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Chinese conglomerate Shanghai Pengxin Group is understood to have edged out other rival bidders including firms from China and Hong Kong, as well as a Canadian teachers’ pension fund. The sale, believed to be worth around $300 million, could be announced as early as next week, sources close to the deal said.

As foreshadowed by Fairfax Media, the revised deal sees the world’s largest cattle farm, the 24,000 square-kilometre Anna Creek, carved out from the sale in an effort to appease Treasurer Scott Morrison. The sale price reflects a $50 million valuation of Anna Creek.

The Treasurer blocked the original deal over concerns of Anna Creek’s proximity to a weapons testing range in the Woomera Prohibited Area. Foreign bidders have also secured Australian partners as a condition of the bid.

The carve-out is understood to have satisfied Foreign Investment Review Board concerns, but the deal remains subject to final government approval.

Kidman’s assets comprise a string of 10 cattle stations straddling three states, altogether occupying 2.5 per cent of Australian agricultural land. Even excluding Anna Creek, the land changing hands is around the size of the Czech Republic, or more than double that of Belgium.

The sheer geographic scale of the asset, and sensitivity toward Chinese investment, has seen the deal emerge as a major foreign investment test for the Turnbull government.

Pengxin, a frontrunner in November along with a number of other competing Chinese bids, was understood to have questioned the national security grounds raised by the Turnbull government, given it was only flagged very late in the FIRB process.

Chinese bidders believed it had more to do with the public backlash following the Port of Darwin revelations.

“Everyone was conscious of the FIRB risk at the inception but up to very late in the process the impression … was that it’s a manageable risk,” one source close to the transaction said.

“Towards the end it became apparent that view was probably wrong and the Woomera issue was elevated.

“This is after the Port of Darwin entered into the picture. Therefore it proves that [the] FIRB process is not independent and it’s very political.”

The federal government is tightening rules around the foreign ownership of what it considers critical infrastructure owned by the states, following damaging revelations late last year that the Port of Darwin had agreed a long-term lease with a Chinese company with purported military ties.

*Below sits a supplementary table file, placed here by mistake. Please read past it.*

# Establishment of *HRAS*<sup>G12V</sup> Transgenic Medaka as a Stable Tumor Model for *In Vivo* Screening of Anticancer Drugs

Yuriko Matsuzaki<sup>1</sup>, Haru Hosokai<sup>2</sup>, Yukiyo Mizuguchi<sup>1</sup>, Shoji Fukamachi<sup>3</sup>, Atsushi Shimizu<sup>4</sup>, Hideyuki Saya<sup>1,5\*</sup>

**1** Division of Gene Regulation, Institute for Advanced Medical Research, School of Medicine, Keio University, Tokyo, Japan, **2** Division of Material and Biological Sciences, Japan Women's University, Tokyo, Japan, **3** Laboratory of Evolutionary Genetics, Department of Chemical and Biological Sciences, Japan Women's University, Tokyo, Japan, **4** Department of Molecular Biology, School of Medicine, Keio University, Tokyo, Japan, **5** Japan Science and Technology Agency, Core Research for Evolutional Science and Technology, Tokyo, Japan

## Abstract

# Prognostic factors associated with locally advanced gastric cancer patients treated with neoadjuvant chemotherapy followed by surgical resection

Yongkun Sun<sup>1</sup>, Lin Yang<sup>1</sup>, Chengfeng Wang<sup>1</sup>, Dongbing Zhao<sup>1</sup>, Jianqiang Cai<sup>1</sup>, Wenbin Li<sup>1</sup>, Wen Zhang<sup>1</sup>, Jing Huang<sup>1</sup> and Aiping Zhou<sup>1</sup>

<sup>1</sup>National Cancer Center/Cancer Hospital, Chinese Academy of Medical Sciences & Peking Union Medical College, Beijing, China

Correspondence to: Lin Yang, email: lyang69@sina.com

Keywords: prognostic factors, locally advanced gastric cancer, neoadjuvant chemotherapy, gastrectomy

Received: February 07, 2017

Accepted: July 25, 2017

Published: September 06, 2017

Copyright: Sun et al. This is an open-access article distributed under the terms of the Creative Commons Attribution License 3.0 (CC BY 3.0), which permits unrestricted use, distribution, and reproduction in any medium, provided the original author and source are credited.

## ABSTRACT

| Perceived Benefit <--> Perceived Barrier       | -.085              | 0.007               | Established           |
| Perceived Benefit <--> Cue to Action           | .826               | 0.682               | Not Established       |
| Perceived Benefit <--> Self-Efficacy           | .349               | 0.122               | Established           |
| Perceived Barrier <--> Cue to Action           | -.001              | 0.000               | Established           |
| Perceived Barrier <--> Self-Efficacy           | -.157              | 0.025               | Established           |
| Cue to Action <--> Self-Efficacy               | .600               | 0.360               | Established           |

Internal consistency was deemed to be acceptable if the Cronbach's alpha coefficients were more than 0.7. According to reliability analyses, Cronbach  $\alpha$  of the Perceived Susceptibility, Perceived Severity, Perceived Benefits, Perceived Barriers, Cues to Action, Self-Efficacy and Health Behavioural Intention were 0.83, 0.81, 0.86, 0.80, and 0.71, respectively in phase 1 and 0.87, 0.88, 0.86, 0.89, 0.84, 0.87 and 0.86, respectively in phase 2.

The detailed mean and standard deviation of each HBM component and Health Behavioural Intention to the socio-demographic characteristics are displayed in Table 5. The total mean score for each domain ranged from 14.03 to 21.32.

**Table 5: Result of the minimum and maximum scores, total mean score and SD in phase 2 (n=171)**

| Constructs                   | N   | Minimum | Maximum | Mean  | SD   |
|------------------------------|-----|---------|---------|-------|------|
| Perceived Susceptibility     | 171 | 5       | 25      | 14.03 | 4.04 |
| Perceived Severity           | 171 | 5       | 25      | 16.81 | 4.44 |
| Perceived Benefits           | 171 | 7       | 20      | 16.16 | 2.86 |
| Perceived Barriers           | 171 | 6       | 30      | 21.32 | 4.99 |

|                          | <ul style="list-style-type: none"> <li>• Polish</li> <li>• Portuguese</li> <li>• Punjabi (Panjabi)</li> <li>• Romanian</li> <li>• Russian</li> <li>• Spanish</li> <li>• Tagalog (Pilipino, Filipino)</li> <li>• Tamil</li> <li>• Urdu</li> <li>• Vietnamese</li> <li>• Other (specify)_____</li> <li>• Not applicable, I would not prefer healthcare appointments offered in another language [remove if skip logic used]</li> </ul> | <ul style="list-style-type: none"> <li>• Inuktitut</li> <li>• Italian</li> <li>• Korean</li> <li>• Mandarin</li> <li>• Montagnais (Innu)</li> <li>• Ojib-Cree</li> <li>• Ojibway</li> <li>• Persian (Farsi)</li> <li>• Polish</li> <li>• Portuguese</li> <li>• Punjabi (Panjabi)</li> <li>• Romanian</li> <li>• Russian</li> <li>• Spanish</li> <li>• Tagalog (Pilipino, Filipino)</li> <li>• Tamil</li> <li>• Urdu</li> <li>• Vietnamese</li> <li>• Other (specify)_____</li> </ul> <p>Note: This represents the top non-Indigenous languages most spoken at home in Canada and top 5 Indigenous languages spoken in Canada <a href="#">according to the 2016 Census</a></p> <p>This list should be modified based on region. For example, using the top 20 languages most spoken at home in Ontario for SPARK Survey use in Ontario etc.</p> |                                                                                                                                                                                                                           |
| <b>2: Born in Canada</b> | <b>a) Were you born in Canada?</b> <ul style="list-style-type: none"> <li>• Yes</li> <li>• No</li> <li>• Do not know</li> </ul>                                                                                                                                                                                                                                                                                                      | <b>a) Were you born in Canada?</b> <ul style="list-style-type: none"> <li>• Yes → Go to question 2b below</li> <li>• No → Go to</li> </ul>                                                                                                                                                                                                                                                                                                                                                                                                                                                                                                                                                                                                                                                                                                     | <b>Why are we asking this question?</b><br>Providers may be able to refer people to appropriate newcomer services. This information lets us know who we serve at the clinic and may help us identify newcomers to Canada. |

The move could potentially scupper Victorian state government plans to cash in on the privatisation of the Port of Melbourne – with cashed-up Chinese bidders also understood to be circling.

Kidman bidders made offers to carve out Anna Creek, or parts of Anna Creek, at the time of the previous application, but it became clear the deal was dead in the water.

Kidman chief executive Greg Campbell said he would not be drawn into details of the various bidders, and said the enterprise was in a “holding pattern” until the government announced its decision.

“We have gone as far as we can go practically, and that’s by Anna Creek, a quarter of the area, not being sold, and Australians being part of the bid syndicates. There is a notional reduction of land area held by foreigners because of Australian content being part of the ownership,” Mr Campbell said.

“If the Treasurer says ‘no, you can’t sell to foreigners’, then we’ll go back to the drawing board to work out where to go from there”.

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New Helloworld boss Andrew Burnes puts the focus back on franchisees

New Helloworld chief executive Andrew Burnes wants to compete better against rival Flight Centre. Photo: Daniel MunozNew Helloworld chief executive Andrew Burnes will harness the drive of the company’s travel agency franchise owners, rather than competing against them, to make the diverse group more competitive against rival Flight Centre Travel Group.
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“I think we’ll be undertaking some changes in the year ahead to ensure we align our online strategy and our retail strategy,” he said after Helloworld shareholders voted overwhelmingly to approve the purchase of his private company, AOT Group, on Friday. “I believe with our business that our online strategy has to be complementary with our retail franchisees.”

Mr Burnes, who is also the federal treasurer of the Liberal Party in an election year, and his wife Cinzia, now an executive director of Helloworld, have emerged as the largest shareholders in the listed company with a 40 per cent stake.

He said it was the Helloworld head office’s responsibility to hand over business to travel agents whether through the door, on the phone or online rather than to develop a separate, competing online offering.

Mr Burnes said it was also important that Helloworld’s corporate arm, QBT, which handles bookings for the whole of government travel contract, stuck to competing for business only at the bigger end of town.